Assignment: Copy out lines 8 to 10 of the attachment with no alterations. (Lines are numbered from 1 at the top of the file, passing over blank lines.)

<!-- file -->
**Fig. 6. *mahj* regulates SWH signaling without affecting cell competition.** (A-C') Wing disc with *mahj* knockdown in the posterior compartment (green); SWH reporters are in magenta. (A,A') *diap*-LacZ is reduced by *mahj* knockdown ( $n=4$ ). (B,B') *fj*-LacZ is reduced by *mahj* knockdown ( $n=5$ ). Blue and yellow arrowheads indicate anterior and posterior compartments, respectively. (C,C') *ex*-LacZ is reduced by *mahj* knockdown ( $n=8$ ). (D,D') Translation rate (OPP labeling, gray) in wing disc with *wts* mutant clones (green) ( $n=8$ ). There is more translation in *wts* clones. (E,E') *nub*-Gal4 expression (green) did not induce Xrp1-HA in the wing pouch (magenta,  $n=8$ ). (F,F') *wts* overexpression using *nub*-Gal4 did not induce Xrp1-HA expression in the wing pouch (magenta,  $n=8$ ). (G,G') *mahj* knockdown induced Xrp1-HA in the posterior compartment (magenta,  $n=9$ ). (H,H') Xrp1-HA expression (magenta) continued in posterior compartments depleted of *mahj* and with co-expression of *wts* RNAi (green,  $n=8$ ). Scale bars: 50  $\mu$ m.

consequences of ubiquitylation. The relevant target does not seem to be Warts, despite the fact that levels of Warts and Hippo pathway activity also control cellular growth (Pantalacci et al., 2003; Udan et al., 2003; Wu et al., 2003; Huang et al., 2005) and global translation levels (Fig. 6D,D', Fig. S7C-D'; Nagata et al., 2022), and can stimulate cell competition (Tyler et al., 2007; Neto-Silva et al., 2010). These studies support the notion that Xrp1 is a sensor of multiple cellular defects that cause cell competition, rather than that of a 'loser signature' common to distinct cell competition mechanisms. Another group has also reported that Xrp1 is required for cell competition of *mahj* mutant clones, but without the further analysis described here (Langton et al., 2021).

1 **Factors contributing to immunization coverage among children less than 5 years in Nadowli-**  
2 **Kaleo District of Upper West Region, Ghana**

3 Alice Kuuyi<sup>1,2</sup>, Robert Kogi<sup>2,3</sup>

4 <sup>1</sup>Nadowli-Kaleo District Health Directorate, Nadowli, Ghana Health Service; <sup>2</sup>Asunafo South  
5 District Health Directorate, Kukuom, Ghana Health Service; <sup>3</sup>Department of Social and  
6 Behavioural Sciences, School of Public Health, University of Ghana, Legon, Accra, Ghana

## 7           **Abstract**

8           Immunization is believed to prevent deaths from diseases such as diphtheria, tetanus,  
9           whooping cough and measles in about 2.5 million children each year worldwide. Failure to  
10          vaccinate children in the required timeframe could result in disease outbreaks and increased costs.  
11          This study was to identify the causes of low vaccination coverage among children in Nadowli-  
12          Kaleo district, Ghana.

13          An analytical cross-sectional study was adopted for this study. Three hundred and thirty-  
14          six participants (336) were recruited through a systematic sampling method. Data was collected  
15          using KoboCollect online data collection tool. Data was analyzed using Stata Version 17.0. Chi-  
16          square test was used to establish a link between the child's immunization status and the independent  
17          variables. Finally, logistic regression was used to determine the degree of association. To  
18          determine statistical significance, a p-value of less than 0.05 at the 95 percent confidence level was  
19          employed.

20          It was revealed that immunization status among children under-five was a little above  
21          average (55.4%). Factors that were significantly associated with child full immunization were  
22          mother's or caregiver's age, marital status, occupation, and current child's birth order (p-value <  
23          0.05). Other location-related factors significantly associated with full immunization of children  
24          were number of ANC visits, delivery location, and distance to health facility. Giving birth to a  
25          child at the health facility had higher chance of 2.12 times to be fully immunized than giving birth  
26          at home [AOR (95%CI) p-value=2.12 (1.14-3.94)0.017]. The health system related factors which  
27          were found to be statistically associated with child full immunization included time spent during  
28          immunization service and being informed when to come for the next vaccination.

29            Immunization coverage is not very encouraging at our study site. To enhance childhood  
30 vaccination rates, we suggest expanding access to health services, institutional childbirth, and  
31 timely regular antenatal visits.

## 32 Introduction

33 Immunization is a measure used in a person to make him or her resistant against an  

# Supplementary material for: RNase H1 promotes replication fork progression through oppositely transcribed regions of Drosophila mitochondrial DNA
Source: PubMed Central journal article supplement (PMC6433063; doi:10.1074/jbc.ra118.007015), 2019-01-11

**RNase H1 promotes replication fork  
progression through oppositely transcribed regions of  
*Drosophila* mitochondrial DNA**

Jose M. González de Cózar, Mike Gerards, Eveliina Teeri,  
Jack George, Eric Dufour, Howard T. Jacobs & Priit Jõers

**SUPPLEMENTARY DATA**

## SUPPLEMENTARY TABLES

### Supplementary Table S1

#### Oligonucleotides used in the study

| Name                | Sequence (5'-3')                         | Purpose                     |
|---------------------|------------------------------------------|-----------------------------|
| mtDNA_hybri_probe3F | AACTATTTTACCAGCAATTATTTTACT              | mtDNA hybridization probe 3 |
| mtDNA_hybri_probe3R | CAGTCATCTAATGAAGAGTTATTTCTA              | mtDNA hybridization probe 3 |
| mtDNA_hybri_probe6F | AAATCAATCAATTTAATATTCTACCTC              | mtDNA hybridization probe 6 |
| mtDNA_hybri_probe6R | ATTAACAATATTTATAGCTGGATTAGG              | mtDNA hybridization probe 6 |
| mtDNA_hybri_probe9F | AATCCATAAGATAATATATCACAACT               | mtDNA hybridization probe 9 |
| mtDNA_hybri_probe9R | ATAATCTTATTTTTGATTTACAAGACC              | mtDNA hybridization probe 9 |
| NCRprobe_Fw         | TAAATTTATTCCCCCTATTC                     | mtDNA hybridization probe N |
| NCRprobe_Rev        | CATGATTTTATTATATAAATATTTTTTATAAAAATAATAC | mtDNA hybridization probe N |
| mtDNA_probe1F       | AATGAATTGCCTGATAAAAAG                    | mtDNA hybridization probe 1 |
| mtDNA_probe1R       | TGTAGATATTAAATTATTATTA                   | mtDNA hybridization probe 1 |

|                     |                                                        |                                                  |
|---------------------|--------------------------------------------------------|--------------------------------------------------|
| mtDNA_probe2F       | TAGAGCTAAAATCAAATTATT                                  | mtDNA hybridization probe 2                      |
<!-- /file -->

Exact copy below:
6 Behavioural Sciences, School of Public Health, University of Ghana, Legon, Accra, Ghana

## 7           **Abstract**

8           Immunization is believed to prevent deaths from diseases such as diphtheria, tetanus,  